During the second year of high school, students in Nashville take Large Animal Science. After studying a few units in class, they take a field trip to Flatt Rock Farms to gain hands on experience and see the theories they are learning put to the test.
2. Act As A Judge Judy
In my experience, teachers love to have businesses and individuals in the classroom to judge or grade an assignment. Whether it’s an informative speech that students must present to the classroom or a science project, having a person from outside of the classroom adds an extra level of accountability for the students and encourages them to perform at their highest level. Visiting a third grade class to hear a presentation on weather patterns or listening in on a senior’s capstone project around theoretically growing crops on Mars can be incredibly fulfilling, and help establish a great relationship with local teachers.
3. Teacher for the Day
Have you ever been trying to learn a new concept and it just doesn’t click? This spring, I struggled through the assigned reading from my Beef Master class. I would pour over documents and charts but fail to grasp the concept; however, as soon as the extension officer would bring a guest speaker to class, it would click. This can happen in the schoolroom too! By volunteering as a guest speaker, you can bring real-world perspective to the classroom on a one-time or recurring basis. And, if you aren’t keen on public speaking, providing a teacher with examples to use in his or her classroom can make an incredible difference to a student who is just shy of understanding the concept.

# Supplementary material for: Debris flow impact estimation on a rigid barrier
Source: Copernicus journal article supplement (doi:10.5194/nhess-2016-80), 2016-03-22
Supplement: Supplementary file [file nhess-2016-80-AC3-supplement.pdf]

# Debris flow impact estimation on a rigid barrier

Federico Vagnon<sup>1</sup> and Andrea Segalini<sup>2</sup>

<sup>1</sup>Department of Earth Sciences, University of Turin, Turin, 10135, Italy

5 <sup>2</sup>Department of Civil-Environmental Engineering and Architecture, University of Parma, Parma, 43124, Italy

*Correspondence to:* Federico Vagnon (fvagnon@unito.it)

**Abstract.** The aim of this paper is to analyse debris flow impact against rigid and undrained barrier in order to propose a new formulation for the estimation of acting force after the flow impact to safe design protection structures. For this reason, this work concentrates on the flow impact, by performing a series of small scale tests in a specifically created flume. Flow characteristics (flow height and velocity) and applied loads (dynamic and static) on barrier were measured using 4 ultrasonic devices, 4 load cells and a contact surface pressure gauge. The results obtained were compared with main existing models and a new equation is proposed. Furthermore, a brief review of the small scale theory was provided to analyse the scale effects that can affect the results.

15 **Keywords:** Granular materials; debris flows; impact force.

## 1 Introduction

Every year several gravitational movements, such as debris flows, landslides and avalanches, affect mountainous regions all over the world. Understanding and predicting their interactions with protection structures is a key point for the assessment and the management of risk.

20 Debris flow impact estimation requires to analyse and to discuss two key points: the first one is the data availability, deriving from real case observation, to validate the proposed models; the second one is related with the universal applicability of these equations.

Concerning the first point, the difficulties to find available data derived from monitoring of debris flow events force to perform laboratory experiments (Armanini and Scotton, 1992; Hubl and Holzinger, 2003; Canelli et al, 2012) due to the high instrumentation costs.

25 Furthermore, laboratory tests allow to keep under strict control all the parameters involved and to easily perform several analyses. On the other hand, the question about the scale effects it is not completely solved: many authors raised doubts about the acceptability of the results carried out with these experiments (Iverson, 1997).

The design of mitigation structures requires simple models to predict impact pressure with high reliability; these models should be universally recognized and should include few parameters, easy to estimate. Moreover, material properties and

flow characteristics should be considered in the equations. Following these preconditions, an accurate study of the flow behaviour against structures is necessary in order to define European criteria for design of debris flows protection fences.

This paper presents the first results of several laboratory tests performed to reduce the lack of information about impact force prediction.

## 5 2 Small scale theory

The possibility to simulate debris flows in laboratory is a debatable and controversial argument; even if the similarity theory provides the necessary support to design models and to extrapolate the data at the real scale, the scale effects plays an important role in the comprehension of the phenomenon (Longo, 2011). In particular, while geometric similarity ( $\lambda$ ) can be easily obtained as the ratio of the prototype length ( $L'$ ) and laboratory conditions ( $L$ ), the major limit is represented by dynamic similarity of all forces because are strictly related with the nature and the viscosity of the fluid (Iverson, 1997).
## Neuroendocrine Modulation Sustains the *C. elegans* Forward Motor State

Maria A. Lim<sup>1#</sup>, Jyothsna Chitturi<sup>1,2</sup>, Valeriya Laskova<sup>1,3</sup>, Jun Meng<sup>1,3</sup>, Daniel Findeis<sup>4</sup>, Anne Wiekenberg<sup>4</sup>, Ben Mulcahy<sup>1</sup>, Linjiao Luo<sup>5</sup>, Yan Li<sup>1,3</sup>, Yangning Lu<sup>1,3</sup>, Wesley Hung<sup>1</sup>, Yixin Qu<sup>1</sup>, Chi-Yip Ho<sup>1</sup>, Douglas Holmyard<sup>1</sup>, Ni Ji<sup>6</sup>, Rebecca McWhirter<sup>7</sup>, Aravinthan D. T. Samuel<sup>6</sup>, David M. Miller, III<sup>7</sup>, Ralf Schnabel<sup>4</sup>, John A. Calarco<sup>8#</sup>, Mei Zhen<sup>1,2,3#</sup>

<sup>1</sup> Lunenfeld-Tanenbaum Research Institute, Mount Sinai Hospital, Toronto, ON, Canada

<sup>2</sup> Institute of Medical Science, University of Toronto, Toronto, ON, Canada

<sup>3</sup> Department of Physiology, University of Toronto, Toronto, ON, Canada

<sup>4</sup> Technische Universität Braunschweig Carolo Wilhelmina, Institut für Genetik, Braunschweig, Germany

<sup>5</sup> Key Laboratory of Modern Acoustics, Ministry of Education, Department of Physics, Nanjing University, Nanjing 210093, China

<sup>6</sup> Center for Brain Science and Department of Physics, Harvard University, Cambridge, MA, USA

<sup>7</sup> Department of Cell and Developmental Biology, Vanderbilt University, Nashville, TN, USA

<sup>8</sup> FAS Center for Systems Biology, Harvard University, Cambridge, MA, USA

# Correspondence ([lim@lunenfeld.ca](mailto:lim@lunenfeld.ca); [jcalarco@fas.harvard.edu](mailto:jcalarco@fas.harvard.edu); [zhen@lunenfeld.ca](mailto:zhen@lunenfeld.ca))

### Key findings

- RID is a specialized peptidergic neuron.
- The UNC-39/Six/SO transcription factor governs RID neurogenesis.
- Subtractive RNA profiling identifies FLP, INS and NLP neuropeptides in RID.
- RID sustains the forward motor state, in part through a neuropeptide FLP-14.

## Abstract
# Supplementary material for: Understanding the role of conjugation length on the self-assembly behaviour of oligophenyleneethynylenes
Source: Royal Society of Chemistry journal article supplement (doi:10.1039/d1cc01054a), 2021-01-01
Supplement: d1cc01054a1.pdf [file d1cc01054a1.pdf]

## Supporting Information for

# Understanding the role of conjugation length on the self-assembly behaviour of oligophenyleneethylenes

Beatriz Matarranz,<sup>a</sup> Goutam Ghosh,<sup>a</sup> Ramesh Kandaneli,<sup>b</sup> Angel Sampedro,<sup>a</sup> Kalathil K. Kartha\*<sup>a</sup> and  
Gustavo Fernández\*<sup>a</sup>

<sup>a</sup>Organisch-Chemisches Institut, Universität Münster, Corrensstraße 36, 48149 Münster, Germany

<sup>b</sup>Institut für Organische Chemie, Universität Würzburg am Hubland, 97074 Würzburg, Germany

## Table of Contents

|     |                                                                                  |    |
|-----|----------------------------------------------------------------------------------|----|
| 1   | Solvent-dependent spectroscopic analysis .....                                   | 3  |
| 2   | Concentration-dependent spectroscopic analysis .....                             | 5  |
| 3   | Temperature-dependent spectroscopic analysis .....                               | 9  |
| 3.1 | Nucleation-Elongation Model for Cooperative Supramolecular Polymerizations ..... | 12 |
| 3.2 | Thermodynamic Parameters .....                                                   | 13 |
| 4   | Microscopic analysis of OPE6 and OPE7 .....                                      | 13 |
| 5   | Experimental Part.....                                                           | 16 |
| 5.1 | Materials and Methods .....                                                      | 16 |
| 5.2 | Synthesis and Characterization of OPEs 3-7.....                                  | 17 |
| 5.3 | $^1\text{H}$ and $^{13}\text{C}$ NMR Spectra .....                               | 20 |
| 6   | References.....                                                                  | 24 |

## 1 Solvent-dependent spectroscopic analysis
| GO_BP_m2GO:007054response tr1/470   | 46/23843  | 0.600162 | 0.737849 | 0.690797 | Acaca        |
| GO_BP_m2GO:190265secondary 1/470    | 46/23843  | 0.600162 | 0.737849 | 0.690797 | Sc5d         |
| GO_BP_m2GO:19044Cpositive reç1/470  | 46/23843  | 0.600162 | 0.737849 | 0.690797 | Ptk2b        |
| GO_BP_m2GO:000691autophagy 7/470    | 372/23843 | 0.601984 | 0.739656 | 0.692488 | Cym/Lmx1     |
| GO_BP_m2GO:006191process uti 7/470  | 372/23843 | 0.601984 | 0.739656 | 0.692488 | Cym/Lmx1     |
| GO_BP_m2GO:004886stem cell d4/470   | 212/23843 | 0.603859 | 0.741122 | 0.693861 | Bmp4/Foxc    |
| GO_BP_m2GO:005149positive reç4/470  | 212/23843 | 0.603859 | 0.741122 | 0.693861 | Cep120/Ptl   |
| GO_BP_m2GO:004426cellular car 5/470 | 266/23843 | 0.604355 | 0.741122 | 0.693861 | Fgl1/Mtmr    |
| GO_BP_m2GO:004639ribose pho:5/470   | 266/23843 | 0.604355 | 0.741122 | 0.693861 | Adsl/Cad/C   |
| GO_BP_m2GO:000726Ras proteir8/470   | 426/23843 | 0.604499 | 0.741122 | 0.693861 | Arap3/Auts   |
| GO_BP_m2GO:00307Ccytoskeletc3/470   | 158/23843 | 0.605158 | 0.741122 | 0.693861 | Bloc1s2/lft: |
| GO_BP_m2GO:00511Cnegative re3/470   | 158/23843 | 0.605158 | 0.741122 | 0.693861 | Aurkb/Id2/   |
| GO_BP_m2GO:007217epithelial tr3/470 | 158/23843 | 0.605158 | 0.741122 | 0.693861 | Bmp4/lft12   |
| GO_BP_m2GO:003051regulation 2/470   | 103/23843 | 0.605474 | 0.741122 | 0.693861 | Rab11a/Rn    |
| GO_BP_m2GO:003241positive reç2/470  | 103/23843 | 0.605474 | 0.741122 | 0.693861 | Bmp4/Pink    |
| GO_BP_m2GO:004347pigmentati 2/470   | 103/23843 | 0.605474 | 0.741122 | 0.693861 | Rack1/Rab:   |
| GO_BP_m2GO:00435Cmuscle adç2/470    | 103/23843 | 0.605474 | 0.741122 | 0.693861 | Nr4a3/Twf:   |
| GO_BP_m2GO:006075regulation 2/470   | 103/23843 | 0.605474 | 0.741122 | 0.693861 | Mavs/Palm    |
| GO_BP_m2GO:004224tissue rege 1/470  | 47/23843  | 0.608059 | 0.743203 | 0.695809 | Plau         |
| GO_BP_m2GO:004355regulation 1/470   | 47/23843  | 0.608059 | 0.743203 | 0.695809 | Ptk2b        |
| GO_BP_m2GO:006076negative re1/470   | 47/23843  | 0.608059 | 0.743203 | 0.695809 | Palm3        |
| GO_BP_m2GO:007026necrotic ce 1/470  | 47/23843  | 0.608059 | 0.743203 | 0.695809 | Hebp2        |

4. Change the Curriculum. Change the World.
One of the newest accountability measures to come down the US Department of Education pipeline is around Industry Certifications; however, many schools or local boards of education may not be familiar with industry certifications that are relevant in the agricultural industry. It is up to us to be proactive and recommend industry certifications and help edit curriculum to meet industry standards. If you have experience in insecticide application or have received your Beef Quality Assurance Certification, this is the perfect opportunity to share your knowledge with your local school and help students’ graduate college and become career ready.
The National Cattlemen’s Beef Association National Conference was held in Nashville, TN this year. Representatives from Bayer Animal Health came to the classroom to talk about their careers and capture student testimonies.
5. An Oldie, but Goodie
One of the strongest memories I have from high school was the day I visited a meat processing facility. We walked the floors of the plant, poked our heads into the storage areas, and saw everything from purchasing offices to the legal department. Seeing the theories that I had studied in class actually in practice was incredibly eye opening and has stayed with me for more than a decade. By hosting a field trip to your farming operation or agricultural business, you can promote your career field and allow students to see your industry up close.
Regardless of the way you want to be involved in your local school, my advice is to reach out and offer up the opportunities. You may never know what 14-year-old kid may be listening and what life you might change.